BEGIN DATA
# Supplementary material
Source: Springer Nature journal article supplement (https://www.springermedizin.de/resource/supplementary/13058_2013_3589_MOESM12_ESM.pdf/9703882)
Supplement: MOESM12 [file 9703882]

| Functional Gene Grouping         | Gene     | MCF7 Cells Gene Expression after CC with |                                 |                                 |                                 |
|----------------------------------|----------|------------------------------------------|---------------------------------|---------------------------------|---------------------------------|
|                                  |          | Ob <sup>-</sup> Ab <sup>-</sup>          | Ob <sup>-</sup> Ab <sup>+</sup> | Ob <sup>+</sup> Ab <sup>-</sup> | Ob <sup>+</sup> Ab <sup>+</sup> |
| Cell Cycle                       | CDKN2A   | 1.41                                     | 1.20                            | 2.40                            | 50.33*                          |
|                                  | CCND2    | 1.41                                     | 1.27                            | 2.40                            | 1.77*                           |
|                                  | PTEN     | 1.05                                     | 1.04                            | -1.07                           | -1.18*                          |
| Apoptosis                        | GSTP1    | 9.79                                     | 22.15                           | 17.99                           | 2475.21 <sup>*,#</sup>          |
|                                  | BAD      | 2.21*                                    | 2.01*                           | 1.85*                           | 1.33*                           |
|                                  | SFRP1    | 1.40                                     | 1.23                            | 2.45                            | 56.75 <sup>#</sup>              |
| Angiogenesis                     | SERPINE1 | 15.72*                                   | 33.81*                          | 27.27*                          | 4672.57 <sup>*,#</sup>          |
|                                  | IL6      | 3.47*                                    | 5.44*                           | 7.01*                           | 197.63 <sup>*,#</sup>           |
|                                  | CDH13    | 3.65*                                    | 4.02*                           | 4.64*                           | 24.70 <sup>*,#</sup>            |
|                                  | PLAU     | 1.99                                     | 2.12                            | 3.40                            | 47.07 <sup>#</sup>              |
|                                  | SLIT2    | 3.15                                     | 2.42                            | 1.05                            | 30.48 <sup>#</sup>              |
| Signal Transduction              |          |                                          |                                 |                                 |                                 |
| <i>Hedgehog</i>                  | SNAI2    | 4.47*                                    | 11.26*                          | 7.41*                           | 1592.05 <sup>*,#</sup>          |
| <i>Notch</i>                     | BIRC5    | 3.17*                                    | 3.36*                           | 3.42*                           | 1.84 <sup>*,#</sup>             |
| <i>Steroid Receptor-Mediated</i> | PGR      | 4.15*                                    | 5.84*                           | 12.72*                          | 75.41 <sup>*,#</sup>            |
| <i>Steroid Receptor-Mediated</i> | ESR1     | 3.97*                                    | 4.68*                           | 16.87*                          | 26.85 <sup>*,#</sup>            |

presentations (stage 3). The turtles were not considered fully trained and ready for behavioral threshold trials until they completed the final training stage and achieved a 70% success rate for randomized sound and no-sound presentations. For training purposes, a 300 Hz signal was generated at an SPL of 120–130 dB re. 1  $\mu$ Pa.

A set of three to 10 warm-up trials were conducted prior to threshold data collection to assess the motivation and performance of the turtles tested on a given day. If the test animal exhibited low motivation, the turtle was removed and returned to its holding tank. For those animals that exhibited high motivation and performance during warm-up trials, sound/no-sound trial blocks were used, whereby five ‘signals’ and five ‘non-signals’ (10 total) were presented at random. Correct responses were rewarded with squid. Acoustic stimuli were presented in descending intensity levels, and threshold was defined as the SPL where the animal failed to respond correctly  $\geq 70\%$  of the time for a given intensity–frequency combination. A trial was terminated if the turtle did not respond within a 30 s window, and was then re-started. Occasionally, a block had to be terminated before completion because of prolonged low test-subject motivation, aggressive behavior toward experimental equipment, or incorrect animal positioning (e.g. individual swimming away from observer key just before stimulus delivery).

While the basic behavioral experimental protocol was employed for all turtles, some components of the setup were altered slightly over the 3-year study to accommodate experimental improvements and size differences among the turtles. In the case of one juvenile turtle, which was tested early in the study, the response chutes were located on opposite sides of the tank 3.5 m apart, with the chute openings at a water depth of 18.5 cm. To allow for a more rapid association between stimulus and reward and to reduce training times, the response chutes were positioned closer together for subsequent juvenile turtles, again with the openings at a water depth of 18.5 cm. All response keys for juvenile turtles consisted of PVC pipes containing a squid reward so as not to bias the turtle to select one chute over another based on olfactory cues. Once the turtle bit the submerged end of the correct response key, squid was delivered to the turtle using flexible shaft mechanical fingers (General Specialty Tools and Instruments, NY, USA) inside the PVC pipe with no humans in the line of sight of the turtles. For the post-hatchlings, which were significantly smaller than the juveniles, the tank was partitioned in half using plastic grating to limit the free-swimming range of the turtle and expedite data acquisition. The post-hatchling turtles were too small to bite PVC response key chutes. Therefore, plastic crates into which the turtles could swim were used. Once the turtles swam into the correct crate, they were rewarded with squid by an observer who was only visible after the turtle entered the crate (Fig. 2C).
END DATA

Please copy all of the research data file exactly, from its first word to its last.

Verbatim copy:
# Supplementary material
Source: Springer Nature journal article supplement (https://www.springermedizin.de/resource/supplementary/13058_2013_3589_MOESM12_ESM.pdf/9703882)
Supplement: MOESM12 [file 9703882]

| Functional Gene Grouping         | Gene     | MCF7 Cells Gene Expression after CC with |                                 |                                 |                                 |
|----------------------------------|----------|------------------------------------------|---------------------------------|---------------------------------|---------------------------------|
|                                  |          | Ob <sup>-</sup> Ab <sup>-</sup>          | Ob <sup>-</sup> Ab <sup>+</sup> | Ob <sup>+</sup> Ab <sup>-</sup> | Ob <sup>+</sup> Ab <sup>+</sup> |
| Cell Cycle                       | CDKN2A   | 1.41                                     | 1.20                            | 2.40                            | 50.33*                          |
|                                  | CCND2    | 1.41                                     | 1.27                            | 2.40                            | 1.77*                           |
|                                  | PTEN     | 1.05                                     | 1.04                            | -1.07                           | -1.18*                          |
| Apoptosis                        | GSTP1    | 9.79                                     | 22.15                           | 17.99                           | 2475.21 <sup>*,#</sup>          |
|                                  | BAD      | 2.21*                                    | 2.01*                           | 1.85*                           | 1.33*                           |
|                                  | SFRP1    | 1.40                                     | 1.23                            | 2.45                            | 56.75 <sup>#</sup>              |
| Angiogenesis                     | SERPINE1 | 15.72*                                   | 33.81*                          | 27.27*                          | 4672.57 <sup>*,#</sup>          |
|                                  | IL6      | 3.47*                                    | 5.44*                           | 7.01*                           | 197.63 <sup>*,#</sup>           |
|                                  | CDH13    | 3.65*                                    | 4.02*                           | 4.64*                           | 24.70 <sup>*,#</sup>            |
|                                  | PLAU     | 1.99                                     | 2.12                            | 3.40                            | 47.07 <sup>#</sup>              |
|                                  | SLIT2    | 3.15                                     | 2.42                            | 1.05                            | 30.48 <sup>#</sup>              |
| Signal Transduction              |          |                                          |                                 |                                 |                                 |
| <i>Hedgehog</i>                  | SNAI2    | 4.47*                                    | 11.26*                          | 7.41*                           | 1592.05 <sup>*,#</sup>          |
| <i>Notch</i>                     | BIRC5    | 3.17*                                    | 3.36*                           | 3.42*                           | 1.84 <sup>*,#</sup>             |
| <i>Steroid Receptor-Mediated</i> | PGR      | 4.15*                                    | 5.84*                           | 12.72*                          | 75.41 <sup>*,#</sup>            |
| <i>Steroid Receptor-Mediated</i> | ESR1     | 3.97*                                    | 4.68*                           | 16.87*                          | 26.85 <sup>*,#</sup>            |

presentations (stage 3). The turtles were not considered fully trained and ready for behavioral threshold trials until they completed the final training stage and achieved a 70% success rate for randomized sound and no-sound presentations. For training purposes, a 300 Hz signal was generated at an SPL of 120–130 dB re. 1  $\mu$ Pa.

A set of three to 10 warm-up trials were conducted prior to threshold data collection to assess the motivation and performance of the turtles tested on a given day. If the test animal exhibited low motivation, the turtle was removed and returned to its holding tank. For those animals that exhibited high motivation and performance during warm-up trials, sound/no-sound trial blocks were used, whereby five ‘signals’ and five ‘non-signals’ (10 total) were presented at random. Correct responses were rewarded with squid. Acoustic stimuli were presented in descending intensity levels, and threshold was defined as the SPL where the animal failed to respond correctly  $\geq 70\%$  of the time for a given intensity–frequency combination. A trial was terminated if the turtle did not respond within a 30 s window, and was then re-started. Occasionally, a block had to be terminated before completion because of prolonged low test-subject motivation, aggressive behavior toward experimental equipment, or incorrect animal positioning (e.g. individual swimming away from observer key just before stimulus delivery).

While the basic behavioral experimental protocol was employed for all turtles, some components of the setup were altered slightly over the 3-year study to accommodate experimental improvements and size differences among the turtles. In the case of one juvenile turtle, which was tested early in the study, the response chutes were located on opposite sides of the tank 3.5 m apart, with the chute openings at a water depth of 18.5 cm. To allow for a more rapid association between stimulus and reward and to reduce training times, the response chutes were positioned closer together for subsequent juvenile turtles, again with the openings at a water depth of 18.5 cm. All response keys for juvenile turtles consisted of PVC pipes containing a squid reward so as not to bias the turtle to select one chute over another based on olfactory cues. Once the turtle bit the submerged end of the correct response key, squid was delivered to the turtle using flexible shaft mechanical fingers (General Specialty Tools and Instruments, NY, USA) inside the PVC pipe with no humans in the line of sight of the turtles. For the post-hatchlings, which were significantly smaller than the juveniles, the tank was partitioned in half using plastic grating to limit the free-swimming range of the turtle and expedite data acquisition. The post-hatchling turtles were too small to bite PVC response key chutes. Therefore, plastic crates into which the turtles could swim were used. Once the turtles swam into the correct crate, they were rewarded with squid by an observer who was only visible after the turtle entered the crate (Fig. 2C).